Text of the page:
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|May 3, 1999||
The Videsh Sanchar Nigam Limited is the government owned overseas telecommunications monopoly.
Until recently, it also had a monopoly over the commercial ISP business in India. Then came a massive policy change that threw open the Internet access business to private companies.
In face of imminent competition from the private sector, the monolith moved with the agility of a start-up and almost overnight improved its access capacity and quality to world standards.
Not surprisingly, the quality upgrade also touched up VSNL's poor image. Besides, instead of fighting the private ISPs, VSNL looked on them as customers for wholesaling of bandwidth and international gateways.
In this interview to Sahil Meena, Acting Chairman and Managing Director Amitabh Kumar pauses to mull over the impact of the Internet and its future in India, especially in relation to VSNL.
How have the ISPs been doing?
At present, VSNL is the dominant ISP in the Indian market along with DoT. Together, we have over 60 nodes.
Over 70 ISPs have been granted licences and among them at least 20 have applied for international connectivity, indicating their intention to set up and operate Internet services soon.
Today, only five companies have started actual operation and these include MTNL, Satyam Infoway, Weikfield Mnemonix and Dishnet.
Many of the others like Bharati-BT and Wipro have applied for Internet connectivity and will start operations in the next two to three months.
What role is VSNL playing here?
VSNL has been providing infrastructure support to all ISPs in India, enabling them to roll out their operations.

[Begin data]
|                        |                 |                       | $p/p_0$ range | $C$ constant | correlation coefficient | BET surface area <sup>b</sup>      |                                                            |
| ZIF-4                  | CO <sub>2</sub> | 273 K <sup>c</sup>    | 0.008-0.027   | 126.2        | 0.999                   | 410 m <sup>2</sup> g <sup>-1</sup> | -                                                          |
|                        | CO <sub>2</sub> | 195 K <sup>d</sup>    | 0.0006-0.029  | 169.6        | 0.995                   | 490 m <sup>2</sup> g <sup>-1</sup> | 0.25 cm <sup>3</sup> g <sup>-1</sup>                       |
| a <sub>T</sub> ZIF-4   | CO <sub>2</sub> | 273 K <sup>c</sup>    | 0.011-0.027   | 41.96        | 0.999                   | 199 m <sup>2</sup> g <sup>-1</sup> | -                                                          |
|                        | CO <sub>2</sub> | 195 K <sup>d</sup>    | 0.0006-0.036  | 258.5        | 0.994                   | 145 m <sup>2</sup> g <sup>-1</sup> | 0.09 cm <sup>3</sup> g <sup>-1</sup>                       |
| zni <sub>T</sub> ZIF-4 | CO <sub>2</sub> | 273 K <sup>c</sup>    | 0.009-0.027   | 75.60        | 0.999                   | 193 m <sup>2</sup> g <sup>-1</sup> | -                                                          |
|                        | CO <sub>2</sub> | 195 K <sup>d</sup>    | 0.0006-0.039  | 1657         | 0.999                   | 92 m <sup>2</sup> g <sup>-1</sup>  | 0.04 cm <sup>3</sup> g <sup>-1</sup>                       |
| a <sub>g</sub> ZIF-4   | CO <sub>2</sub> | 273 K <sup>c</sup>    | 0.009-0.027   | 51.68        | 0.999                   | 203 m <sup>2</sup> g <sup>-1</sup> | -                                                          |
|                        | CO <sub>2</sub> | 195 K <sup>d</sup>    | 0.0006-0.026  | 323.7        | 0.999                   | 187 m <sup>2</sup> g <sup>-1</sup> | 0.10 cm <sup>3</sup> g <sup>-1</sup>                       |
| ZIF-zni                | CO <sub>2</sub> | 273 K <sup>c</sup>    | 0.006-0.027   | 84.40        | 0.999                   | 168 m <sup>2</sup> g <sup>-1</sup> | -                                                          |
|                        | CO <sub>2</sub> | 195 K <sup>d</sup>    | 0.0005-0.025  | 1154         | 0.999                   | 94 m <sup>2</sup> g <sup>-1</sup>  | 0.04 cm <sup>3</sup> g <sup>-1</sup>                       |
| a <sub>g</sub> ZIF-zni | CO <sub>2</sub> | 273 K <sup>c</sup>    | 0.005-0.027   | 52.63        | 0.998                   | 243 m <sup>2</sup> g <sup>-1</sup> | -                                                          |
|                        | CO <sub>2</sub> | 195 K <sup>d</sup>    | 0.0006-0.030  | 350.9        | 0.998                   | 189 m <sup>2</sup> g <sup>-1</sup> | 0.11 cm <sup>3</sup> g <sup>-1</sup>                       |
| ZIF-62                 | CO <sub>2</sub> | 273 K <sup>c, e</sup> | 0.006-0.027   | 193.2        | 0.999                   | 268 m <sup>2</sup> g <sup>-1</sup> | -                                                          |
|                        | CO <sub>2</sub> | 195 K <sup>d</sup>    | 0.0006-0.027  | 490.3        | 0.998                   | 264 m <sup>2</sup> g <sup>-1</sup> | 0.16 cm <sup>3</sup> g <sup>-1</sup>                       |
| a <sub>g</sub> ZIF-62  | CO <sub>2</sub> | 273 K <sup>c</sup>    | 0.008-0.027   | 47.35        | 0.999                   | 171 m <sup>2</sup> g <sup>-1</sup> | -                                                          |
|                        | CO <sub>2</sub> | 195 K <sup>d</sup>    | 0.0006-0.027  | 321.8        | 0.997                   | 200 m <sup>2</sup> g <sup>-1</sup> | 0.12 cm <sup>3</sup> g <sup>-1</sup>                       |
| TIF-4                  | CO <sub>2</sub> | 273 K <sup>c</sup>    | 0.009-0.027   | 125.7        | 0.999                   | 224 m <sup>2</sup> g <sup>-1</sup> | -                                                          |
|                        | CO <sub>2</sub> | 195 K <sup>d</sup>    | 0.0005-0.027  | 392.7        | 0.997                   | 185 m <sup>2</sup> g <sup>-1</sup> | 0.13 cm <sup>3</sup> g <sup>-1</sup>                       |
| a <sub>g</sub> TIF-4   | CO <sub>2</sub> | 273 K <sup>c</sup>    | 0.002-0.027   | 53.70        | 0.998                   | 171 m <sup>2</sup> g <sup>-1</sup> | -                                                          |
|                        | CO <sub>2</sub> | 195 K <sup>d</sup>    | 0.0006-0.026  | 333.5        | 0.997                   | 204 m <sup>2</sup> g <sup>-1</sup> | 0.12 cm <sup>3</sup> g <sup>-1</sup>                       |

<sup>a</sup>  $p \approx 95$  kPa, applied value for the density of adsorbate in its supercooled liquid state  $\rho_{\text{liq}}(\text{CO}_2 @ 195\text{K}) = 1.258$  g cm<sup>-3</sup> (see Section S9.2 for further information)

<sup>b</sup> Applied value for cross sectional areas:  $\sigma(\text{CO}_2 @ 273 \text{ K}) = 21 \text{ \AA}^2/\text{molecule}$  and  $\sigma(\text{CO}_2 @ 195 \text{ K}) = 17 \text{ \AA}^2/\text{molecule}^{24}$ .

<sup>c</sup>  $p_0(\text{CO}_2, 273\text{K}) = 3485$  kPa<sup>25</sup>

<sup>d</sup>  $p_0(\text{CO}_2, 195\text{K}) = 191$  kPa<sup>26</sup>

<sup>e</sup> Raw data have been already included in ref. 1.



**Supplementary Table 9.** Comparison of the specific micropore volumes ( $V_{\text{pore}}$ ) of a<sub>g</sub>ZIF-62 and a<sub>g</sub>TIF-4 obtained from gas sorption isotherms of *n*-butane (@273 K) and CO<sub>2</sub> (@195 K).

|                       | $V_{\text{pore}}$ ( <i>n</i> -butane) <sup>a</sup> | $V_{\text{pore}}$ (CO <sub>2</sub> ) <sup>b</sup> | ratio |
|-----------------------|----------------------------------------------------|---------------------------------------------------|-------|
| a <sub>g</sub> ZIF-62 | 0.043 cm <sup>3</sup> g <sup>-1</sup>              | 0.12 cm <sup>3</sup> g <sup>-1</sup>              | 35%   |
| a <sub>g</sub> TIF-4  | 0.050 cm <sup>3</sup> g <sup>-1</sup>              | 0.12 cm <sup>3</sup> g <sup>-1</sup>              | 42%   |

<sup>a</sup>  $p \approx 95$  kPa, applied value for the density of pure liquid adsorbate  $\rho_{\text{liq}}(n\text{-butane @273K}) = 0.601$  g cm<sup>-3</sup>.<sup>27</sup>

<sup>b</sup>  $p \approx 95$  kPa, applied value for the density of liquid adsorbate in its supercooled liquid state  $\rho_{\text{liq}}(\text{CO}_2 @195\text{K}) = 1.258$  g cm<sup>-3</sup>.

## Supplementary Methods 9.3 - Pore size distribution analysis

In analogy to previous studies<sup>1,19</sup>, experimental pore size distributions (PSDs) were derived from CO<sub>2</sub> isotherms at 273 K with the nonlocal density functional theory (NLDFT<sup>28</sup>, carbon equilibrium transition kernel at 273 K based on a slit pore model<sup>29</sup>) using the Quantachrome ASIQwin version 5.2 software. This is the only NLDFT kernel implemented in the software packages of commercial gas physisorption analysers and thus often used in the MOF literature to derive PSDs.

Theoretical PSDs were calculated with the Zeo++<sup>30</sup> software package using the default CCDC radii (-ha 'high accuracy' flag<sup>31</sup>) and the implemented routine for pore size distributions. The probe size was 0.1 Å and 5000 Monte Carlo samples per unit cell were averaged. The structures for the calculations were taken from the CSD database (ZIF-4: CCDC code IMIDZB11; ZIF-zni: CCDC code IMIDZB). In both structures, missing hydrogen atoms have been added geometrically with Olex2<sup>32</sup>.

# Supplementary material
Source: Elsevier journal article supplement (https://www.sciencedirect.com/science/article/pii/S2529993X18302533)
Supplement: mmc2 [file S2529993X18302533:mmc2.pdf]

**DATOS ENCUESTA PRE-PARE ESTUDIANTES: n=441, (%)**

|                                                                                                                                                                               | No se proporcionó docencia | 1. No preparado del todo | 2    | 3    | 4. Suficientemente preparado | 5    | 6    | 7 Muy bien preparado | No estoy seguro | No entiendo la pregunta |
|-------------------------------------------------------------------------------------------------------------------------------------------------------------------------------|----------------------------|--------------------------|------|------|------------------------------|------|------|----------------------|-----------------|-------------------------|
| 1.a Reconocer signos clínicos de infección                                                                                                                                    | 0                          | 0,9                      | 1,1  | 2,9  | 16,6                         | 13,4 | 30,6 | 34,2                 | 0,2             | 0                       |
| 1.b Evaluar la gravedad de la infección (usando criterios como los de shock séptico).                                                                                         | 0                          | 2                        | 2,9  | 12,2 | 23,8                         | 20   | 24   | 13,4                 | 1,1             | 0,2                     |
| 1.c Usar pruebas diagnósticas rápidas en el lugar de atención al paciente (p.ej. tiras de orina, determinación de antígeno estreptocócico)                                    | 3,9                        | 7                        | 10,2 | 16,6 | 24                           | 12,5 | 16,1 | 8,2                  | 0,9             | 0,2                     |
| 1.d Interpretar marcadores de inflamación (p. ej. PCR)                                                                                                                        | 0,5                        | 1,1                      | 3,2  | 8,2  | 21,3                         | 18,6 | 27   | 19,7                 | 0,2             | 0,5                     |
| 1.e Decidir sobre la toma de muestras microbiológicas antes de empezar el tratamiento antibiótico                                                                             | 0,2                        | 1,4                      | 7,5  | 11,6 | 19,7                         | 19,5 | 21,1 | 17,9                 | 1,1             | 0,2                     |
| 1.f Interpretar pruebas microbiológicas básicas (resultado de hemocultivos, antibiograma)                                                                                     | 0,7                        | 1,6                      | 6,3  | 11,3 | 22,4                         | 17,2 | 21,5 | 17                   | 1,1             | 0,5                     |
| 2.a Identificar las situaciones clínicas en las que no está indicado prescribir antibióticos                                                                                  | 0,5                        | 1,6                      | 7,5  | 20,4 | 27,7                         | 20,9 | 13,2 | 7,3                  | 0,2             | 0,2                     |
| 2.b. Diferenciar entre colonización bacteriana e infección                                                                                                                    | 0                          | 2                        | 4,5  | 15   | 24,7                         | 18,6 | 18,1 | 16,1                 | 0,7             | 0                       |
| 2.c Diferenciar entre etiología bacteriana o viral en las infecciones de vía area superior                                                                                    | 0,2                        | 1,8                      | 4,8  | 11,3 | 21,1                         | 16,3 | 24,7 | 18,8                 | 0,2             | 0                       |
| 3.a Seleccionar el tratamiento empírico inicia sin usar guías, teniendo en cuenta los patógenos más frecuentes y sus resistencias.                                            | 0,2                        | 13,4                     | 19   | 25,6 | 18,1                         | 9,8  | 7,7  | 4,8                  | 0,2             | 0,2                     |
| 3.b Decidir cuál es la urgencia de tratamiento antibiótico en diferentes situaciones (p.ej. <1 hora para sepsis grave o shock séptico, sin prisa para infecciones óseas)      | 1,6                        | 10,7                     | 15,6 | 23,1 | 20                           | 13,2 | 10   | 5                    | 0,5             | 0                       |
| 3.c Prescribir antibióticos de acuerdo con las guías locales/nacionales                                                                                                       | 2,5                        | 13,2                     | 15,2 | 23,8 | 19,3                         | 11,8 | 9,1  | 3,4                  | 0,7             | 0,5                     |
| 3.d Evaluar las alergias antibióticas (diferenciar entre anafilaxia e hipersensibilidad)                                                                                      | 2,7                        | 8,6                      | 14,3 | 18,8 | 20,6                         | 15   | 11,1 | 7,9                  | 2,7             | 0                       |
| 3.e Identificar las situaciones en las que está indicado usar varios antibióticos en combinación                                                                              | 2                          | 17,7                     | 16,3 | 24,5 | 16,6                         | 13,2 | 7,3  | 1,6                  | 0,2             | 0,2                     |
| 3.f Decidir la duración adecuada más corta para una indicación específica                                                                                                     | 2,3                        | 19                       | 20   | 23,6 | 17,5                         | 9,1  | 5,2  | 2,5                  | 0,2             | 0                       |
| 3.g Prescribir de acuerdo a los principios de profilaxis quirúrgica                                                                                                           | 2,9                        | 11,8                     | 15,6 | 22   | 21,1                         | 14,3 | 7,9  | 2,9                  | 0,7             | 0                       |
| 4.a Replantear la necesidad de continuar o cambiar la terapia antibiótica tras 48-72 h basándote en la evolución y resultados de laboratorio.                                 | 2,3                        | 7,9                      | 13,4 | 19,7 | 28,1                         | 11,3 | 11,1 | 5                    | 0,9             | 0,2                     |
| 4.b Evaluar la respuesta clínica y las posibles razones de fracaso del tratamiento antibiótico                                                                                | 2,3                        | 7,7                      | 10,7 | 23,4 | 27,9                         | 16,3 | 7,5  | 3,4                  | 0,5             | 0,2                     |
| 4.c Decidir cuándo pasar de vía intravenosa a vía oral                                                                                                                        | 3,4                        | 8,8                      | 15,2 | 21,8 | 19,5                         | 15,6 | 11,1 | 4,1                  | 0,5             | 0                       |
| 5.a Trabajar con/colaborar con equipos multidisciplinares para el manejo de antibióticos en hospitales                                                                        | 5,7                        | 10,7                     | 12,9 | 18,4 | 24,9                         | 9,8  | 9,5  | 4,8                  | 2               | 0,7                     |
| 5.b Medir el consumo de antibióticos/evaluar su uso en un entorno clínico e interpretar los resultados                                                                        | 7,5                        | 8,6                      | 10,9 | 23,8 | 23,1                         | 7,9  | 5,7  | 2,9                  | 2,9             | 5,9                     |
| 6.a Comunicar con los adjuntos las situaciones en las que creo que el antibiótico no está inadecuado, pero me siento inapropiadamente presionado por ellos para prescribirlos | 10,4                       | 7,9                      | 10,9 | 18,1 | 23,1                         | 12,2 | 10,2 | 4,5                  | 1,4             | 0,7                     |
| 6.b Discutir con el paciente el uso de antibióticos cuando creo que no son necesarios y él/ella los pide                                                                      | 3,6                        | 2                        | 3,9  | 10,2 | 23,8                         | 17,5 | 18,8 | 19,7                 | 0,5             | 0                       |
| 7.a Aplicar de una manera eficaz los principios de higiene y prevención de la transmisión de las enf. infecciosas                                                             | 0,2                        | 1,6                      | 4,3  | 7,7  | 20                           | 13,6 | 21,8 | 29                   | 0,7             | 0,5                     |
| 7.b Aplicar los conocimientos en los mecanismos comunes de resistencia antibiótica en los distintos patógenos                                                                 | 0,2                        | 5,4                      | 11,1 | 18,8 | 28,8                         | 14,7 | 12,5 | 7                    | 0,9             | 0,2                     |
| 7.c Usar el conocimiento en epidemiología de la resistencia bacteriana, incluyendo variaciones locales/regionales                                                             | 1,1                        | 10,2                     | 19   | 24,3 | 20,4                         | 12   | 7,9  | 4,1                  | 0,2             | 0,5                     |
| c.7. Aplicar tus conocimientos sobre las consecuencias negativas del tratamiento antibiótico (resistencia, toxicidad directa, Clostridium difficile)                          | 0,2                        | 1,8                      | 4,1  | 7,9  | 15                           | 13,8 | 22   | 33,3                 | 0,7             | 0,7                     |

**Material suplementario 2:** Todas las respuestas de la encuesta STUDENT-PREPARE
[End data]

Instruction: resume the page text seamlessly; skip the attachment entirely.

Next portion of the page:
Setting up an ISP business requires international connectivity, Internet exchange amongst ISPs in India and interconnectivity among various nodes where the ISP accesses the services.
VSNL is today providing all these services to ISPs in India.
Is the ISP business making profits yet?
I think it is a very good business because the number of users is going to expand beyond 1.5 million by 2000 as per a NASSCOM survey.
That means a five times growth from today's user base of 300,000.
How is the ISP policy going to help the information technology industry?
The ISP business in India will, of course, primarily focus on providing access and this job is likely to be highly segmented.
But the access service is only one part of a much bigger market. There is opportunity in content service and corporate networking, providing complete networking solutions to businesses whether big or small, enabling companies to do e-commerce... There is a bigger market.
How will all this help improve knowledge-based productivity?
In the first stage, most companies that can afford the Internet will get on to it. Even today not more than 20 per cent of Indian companies have Internet access. But anybody wanting to do business globally will have to be on the Internet.
Only then will penetration really start happening in the personal market and that is where low-cost Internet will sell.
Today, the cost of Internet access is still high for a common person because a common person doesn't see anything tangible in it. People don't want to spend money on something that they can't immediately see a benefit in. But realisation is spreading that sending email and personal messages saves money. However, reducing the cost of the PC will really help the ISP segment take off.
What kinds of value added services would the ISPs have to provide?
See, ISPs are already looking at different services. Mostly it is content-based, where you convince user to spend time on the Net and not go to foreign sites, that's where one can save money.
It has started. Satyam has walletwatch.com, Rediff On The Net is providing news and other information. E-commerce is just starting. So, basically I would say it is mostly information or some type of database service. For example, stock exchange sites like capitalmarket.com, where you have a lot of company data. We have hardly 50 good sites in India.